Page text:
Men of Iron session report – Poitiers

In September, 1356, the armies of France and England once more faced off on French soil. Led by Edward, Prince of Wales (the Black Prince of later writers), the English army were delayed by a river when the French caught up to them. What to do? Edward found a good place to defend – a hill with thorny hedges and on which he dug ditches to protect his right flank.

The French army weren’t about to charge in, save for the German mercenaries who did… rather reluctantly, the first wave of French men-at-arms, dismounted this time after the disaster at Creçy…

The initial attack worked poorly for the French, with Saarbruken leading his troops into a volley of arrows from the English longbows – the French crossbows were having trouble shooting over the hedge, although they did disrupt a couple of units.

Their main success saw one dismounted unit get onto the other side of the hedge through the road hexside, causing its opponents to retreat before it, but it just meant that the English bowmen concentrated their attention on him.

The French tried to regroup their lines, but doing so within the range of the longbows proved impossible, and most of Saarbruken’s units fell back to their standard some way behind the main battlelines. The second wave of French troops began to make their way up, reaching the crest of a nearby hill before starting their way towards the English right flank.

The respite allowed the English lines to reform. At this stage, several of the French troops had been eliminated, but the English had taken no significant casualties. The French were too impatient, however, and launched an attack against the English right near the hedge rather than trying to move further around to the ditch (or beyond it). Edward began to consider commit his reserves as the French took heavy casualties as the fighting over the hedge continued ferociously.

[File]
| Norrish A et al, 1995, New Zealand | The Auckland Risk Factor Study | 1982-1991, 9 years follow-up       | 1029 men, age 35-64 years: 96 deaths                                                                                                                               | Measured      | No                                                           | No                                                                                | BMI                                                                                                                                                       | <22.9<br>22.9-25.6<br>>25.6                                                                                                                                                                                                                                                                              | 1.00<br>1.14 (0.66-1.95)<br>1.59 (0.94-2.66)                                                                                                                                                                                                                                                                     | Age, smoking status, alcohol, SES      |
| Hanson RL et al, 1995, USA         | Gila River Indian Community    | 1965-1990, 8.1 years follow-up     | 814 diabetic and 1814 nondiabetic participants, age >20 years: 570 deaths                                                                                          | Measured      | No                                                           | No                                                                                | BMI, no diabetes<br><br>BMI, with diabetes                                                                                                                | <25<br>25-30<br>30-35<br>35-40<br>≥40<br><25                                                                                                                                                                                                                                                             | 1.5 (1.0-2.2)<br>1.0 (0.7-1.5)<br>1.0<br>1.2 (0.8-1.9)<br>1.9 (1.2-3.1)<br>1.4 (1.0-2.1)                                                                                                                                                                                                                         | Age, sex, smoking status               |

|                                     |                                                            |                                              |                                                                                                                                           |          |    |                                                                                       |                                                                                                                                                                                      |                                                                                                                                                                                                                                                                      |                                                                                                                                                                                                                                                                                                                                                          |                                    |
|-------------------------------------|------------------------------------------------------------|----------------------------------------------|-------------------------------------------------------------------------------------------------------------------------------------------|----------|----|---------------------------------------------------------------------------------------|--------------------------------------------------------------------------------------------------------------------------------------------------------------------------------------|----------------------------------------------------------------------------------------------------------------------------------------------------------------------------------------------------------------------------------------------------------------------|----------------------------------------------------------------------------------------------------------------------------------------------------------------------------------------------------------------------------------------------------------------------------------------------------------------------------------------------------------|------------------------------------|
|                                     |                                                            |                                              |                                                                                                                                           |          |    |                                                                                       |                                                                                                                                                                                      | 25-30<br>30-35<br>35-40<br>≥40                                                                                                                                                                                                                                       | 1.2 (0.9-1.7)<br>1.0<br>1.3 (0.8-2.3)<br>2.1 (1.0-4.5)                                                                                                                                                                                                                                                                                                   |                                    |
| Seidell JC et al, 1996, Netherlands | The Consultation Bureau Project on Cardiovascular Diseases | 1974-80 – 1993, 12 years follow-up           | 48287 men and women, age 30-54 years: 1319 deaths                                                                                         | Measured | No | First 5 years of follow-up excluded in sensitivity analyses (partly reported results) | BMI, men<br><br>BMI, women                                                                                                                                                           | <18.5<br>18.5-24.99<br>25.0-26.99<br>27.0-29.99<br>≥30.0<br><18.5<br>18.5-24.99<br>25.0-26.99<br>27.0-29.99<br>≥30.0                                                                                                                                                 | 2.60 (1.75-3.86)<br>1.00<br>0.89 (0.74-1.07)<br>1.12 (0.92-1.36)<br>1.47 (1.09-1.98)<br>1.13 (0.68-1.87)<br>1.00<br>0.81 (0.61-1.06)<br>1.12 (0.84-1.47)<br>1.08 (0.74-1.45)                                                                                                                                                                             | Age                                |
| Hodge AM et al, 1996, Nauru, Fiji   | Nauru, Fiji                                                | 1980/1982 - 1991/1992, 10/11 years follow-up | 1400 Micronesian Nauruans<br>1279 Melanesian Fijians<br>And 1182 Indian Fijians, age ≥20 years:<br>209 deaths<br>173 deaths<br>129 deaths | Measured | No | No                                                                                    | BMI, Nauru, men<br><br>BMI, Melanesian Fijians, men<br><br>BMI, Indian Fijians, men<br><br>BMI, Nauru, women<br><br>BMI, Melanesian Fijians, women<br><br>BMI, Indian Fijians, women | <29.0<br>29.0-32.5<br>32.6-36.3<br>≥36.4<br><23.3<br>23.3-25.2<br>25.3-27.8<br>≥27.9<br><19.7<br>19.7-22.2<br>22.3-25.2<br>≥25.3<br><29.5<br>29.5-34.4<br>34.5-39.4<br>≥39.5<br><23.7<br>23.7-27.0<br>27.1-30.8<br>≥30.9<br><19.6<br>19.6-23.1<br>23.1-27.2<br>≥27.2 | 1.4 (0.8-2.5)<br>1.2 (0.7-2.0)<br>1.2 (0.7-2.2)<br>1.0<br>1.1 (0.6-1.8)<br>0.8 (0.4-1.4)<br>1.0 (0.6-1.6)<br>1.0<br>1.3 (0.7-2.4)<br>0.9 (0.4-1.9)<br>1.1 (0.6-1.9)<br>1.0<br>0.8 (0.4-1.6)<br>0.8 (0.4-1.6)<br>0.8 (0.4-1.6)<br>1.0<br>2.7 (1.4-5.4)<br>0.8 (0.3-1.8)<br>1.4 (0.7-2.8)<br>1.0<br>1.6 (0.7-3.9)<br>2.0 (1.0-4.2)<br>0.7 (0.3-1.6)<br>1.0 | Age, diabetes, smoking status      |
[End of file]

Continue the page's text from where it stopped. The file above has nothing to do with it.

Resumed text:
(French flight points: 15 of 45, English: 1 of 30).

In the distance the third line of the French began to appear. The hedge was finally trampled down in the right corner, but any French troops that crossed it entered into a hail of English arrows. French crossbows attempted to take off the archers, but suffered more damage in return and the English leaders rallied any English troops that began to waver. The hedge defences did look weak, however – could they hold?

It seemed that they could. The English forced back the French lines, although they became just a little extended in the process…

However, the French weren’t able to eliminated the English leader – his unit retreated as it was attacked, and the English line was reformed.

Finally, a breakthrough: the French were on the other side of the hedges and the English were retreating – surely this was the break they were looking for? In the distance, Jean’s forces finally arrived on the battlefield.

However, it was too late. The English forces, slew Saarbruken and threw his men back. The archers and men-at-arms combined were far too strong for the French knights – if they penetrated the fire, they still had swords to worry about, and the defences were such that even crossing the thorny hedges proved almost impossible. Only a few English units had even retired to their standard, and those had been rallied. In the end, only one English unit was eliminated, and the score was 3 English flight points to 40 French flight points, and the roll of 7 on the die as the French regained the initiative was enough for them to flee the battlefield in shame.

This was a particularly difficult scenario for the French, as are many in Men of Iron, and a good reason why the game works best solo; its rules also aid solo play greatly as there is no hidden information and the way activation works allow easy decisions as to when try seizing command from the other side.

I noticed during the game that I was placing the wrong units near one of the standards and quietly moved the correct standard to the same area. (It didn’t make that much of a difference). The French really need to attack from a couple of directions at once – threatening near the hedge, but making the best attack from the rear. The trouble is just how much damage the English longbowmen can cause.

I’m delighted to finally finish this scenario; it’s been sitting on my table for about three months, but I haven’t had much time for solo play at home of late. The battle took about 90 minutes to play through, though there were moments there, as the French took a long time to lose more casualties, that I thought it would take far longer!

Leave a Reply

Fill in your details below or click an icon to log in:

WordPress.com Logo

You are commenting using your WordPress.com account. Log Out / Change )

Twitter picture

You are commenting using your Twitter account. Log Out / Change )

Facebook photo

You are commenting using your Facebook account. Log Out / Change )

Google+ photo

You are commenting using your Google+ account. Log Out / Change )

Connecting to %s